I thought I would cover everything in this post, but just talking about samples is filling up what seems like all the available space in a single post. If any of you have suggestions, please leave a comment. What kind of samples do you like? How do you like them packaged? What else can you tell me that would improve my sampling program? The spray sample discovery sets were in response to a customer’s comments, so this sort of feedback is important.

If you leave a substantive comment, you will be entered in a random drawing for a Perfumer’s Perfumes Discovery Set. 

[Both third birthday cake images from Wikimedia]

Tuesday, May 21, 2013


This is the final chapter in the reviews of the fragrances made for Sheila Eggenberger's Devil Scent project, based on the characters in her novel Quantum Demonology

Neil Morris’s Lilith
starts out as a heady mix of flowers, citrusy roses and powdery violets, along with some newly cut grass. It is flowers at their most piercing and insistent, flowers that will simply not be ignored. It’s extremely sweet, keeping just below the threshold of cloying, pushing sweetness to the maximum level at which it’s still pleasant. The sillage has an almost candy-like edge to it, like candied violets.

There’s nothing at all funky about Neil’s Lilith, which came a bit of a surprise. It’s a straight-up floral fragrance that you could wear in any company. No one would raise their eyebrows, except maybe to ask what that divine-smelling floral scent is. This Lilith kills you with love, and you don’t even know it. It reminds me of the old Grateful Dead song lyrics from Push Comes to Shove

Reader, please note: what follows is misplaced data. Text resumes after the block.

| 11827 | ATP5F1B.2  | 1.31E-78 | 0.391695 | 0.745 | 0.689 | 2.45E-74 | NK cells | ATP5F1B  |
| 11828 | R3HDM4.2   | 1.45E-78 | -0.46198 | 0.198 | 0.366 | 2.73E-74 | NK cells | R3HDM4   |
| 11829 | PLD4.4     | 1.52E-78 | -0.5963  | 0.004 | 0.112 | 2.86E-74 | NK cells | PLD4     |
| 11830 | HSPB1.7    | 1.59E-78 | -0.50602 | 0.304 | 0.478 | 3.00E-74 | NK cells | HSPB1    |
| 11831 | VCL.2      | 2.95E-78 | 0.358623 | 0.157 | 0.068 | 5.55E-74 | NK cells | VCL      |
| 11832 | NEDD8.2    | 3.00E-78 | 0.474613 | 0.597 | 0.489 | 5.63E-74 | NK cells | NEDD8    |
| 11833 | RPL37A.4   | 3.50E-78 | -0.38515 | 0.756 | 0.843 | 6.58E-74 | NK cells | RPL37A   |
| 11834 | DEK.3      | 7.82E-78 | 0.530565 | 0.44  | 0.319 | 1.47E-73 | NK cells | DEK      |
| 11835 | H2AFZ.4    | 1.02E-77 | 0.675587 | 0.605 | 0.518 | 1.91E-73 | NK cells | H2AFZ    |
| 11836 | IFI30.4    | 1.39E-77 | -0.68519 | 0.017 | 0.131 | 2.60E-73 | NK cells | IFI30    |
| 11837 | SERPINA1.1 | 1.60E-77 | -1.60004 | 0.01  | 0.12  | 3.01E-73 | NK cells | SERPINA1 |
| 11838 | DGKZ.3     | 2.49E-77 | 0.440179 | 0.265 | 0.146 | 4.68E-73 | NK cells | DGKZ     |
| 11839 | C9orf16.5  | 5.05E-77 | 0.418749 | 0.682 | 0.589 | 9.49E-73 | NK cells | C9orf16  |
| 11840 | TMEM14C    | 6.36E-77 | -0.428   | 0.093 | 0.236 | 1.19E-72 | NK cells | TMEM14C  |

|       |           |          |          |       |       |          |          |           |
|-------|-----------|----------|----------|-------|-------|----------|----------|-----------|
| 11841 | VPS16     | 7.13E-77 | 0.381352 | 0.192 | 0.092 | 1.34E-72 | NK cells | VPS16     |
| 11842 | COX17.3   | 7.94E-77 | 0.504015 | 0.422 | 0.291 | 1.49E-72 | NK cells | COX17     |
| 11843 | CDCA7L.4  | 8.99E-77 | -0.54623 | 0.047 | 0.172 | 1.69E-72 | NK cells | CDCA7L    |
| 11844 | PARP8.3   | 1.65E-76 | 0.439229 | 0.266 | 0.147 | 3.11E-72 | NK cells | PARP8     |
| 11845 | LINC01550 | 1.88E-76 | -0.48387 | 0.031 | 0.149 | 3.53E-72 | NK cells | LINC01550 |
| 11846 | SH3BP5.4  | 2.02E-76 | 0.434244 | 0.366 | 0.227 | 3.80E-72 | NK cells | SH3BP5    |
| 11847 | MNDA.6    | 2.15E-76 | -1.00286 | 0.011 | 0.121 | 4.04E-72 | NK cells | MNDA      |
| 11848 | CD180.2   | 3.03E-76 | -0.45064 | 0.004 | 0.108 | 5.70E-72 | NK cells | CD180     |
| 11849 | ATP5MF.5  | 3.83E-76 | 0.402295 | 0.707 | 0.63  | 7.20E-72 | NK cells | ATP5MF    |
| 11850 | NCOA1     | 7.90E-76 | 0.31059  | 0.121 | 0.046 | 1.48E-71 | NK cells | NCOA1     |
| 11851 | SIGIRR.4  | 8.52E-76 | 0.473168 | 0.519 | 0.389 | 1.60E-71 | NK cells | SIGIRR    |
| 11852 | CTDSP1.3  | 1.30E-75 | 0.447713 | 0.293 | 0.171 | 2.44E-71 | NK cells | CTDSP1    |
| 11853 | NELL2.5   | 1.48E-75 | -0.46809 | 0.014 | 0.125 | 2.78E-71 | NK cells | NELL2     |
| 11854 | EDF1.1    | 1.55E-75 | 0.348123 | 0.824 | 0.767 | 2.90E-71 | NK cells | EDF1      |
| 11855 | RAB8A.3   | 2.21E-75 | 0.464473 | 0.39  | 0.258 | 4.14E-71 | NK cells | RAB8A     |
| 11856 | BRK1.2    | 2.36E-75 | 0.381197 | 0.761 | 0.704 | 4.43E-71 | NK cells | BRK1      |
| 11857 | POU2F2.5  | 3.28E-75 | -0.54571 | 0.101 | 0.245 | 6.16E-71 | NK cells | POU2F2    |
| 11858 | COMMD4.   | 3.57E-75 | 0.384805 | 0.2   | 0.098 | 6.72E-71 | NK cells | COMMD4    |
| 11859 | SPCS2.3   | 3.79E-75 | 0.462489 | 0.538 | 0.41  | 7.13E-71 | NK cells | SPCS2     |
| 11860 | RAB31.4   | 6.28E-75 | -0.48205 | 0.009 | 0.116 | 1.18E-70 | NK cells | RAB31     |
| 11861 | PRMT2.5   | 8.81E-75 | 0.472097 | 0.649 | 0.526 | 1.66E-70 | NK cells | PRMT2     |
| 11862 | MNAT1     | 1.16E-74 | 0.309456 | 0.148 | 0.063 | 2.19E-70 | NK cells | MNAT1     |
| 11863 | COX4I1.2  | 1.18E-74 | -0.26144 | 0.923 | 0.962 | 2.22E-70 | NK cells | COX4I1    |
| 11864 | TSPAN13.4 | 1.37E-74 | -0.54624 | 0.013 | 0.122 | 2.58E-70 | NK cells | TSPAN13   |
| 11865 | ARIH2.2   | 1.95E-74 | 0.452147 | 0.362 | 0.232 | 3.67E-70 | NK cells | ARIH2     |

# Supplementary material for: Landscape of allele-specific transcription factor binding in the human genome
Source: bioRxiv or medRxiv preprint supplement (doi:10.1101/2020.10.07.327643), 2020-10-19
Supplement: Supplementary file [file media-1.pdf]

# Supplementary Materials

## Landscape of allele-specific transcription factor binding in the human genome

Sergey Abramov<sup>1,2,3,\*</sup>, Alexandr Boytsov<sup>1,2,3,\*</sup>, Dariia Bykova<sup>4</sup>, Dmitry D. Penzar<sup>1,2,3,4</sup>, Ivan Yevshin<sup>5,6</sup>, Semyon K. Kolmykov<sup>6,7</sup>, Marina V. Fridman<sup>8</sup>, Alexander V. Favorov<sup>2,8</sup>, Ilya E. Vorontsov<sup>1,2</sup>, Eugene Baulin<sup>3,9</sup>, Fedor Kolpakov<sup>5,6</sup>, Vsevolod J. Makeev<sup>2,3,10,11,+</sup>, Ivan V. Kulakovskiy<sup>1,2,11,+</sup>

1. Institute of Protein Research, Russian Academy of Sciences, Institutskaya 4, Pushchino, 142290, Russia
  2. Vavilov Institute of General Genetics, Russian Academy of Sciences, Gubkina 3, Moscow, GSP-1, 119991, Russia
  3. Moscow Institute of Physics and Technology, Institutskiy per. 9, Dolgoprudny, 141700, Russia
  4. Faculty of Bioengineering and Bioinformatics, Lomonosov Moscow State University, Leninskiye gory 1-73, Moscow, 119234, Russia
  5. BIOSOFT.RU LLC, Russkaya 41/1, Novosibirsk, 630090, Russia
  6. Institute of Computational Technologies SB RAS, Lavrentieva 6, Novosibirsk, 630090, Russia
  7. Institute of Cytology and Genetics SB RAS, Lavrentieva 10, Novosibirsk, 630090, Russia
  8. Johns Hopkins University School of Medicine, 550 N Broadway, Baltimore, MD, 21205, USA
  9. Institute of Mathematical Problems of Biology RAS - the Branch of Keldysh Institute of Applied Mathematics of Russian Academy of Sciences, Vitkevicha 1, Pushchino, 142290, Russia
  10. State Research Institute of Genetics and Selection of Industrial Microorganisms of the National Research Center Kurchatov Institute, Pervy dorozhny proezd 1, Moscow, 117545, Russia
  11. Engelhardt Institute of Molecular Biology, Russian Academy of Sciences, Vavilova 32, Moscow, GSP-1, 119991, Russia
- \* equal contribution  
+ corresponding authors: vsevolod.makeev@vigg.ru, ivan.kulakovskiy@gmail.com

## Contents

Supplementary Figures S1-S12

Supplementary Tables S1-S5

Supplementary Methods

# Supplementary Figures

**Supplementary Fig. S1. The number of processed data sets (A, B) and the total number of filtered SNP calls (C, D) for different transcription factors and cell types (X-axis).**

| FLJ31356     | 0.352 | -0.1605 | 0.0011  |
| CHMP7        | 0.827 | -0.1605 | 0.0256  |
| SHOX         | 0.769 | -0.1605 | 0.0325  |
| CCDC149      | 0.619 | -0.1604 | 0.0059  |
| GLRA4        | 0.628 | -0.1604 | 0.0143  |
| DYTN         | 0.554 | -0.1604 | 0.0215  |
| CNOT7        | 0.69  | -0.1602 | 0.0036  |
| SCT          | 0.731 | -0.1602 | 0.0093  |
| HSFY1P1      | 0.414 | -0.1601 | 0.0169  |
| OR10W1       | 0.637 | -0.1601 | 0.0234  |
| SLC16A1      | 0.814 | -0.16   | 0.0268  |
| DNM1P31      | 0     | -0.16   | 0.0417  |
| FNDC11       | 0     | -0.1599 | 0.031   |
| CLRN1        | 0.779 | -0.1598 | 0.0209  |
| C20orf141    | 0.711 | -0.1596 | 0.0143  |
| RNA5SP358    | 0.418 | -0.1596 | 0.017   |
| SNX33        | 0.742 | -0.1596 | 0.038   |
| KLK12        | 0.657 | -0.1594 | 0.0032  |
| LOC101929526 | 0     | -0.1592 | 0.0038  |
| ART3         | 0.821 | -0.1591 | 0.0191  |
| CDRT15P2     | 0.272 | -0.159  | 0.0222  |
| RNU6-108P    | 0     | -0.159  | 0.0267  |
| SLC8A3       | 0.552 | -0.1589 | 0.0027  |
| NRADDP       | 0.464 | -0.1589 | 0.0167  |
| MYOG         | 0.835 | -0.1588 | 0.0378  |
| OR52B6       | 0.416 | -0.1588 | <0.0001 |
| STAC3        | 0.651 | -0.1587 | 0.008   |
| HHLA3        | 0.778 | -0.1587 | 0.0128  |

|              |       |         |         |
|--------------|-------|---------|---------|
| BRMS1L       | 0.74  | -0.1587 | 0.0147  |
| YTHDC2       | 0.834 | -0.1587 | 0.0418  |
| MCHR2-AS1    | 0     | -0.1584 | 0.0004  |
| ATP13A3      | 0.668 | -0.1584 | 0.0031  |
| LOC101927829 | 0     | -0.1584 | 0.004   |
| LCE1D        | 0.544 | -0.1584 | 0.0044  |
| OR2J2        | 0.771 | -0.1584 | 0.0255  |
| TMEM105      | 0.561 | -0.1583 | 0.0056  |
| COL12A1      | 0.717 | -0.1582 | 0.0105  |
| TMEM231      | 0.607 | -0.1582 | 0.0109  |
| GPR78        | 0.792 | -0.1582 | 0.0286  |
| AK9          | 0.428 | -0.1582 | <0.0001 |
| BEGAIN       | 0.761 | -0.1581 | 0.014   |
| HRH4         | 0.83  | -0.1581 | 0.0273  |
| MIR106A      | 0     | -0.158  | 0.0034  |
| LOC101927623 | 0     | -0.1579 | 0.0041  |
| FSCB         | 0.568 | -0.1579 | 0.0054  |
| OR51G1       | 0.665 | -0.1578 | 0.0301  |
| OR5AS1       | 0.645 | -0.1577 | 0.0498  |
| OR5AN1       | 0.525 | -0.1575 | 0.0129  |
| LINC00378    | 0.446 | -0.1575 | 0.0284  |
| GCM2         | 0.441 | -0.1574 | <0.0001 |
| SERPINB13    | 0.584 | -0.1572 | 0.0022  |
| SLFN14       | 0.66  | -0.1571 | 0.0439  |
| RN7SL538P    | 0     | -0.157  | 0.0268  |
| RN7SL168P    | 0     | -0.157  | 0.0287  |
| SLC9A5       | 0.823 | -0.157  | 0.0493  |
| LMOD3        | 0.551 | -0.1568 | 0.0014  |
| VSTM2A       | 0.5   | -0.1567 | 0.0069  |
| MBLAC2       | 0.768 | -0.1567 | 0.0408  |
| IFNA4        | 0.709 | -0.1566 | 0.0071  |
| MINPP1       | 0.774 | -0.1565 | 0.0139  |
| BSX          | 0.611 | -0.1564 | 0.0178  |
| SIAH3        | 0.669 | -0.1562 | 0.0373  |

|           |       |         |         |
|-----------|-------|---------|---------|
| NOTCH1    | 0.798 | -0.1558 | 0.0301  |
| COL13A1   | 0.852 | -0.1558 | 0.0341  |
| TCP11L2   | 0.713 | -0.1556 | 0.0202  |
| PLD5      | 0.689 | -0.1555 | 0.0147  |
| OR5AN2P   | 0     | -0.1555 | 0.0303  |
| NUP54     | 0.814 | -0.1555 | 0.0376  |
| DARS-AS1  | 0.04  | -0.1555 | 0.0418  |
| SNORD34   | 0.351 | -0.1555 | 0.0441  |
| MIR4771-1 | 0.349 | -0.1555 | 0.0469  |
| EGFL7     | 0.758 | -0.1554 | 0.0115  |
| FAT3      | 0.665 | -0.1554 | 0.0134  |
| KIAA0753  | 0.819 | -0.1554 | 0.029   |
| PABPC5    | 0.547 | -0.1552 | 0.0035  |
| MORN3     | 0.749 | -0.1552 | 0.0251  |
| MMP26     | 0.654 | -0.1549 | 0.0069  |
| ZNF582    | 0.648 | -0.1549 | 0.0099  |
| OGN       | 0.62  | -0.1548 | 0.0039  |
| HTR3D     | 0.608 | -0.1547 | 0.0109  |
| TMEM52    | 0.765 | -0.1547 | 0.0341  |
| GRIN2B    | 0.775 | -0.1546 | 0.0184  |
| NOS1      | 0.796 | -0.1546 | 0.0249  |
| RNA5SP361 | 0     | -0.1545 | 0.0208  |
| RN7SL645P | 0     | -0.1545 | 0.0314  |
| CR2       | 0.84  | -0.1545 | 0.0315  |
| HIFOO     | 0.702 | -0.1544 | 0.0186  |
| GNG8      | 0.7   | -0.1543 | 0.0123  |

“Shakin’ in the garden, the fear within you grows,
Here there may be roses, to punch you in the nose,
Wrap their arms around you, squeeze you till you cry,
Wrap you in their sweet perfume, and love you till you die.”

That’s exactly what Lilith does. I’m not a big fan of florals, but Neil’s Lilith is an amazingly gorgeous specimen of the floral genre. I would wear it proudly when I want to invoke the soft, super-feminine, seductive side of Lilith. Lilith reclining on a Barbie-bed in her pink lingerie smiling demurely and beckoning to her victim, or Lilith tripping through the sunshine in her flowered sundress, appearing oh so sweet and innocent, never looking at her admirers, but knowing that all eyes are on her and that her victim will inevitably be drawn to her for the kill. Lilith, who pushes her sweet and innocent appearance to the very border of credibility, stopping just milliseconds short of revealing her underlying evil intentions.

Eventually the no-holds-barred florals dry down, leaving a beautiful, soft, powdery comfort scent that makes you want to snuggle up next to it. At this stage it reminds me of a vintage Patou, only better. I could see Lilith becoming my go-to floral fragrance. Kudos, Neil! I’m probably going to "need" a bottle.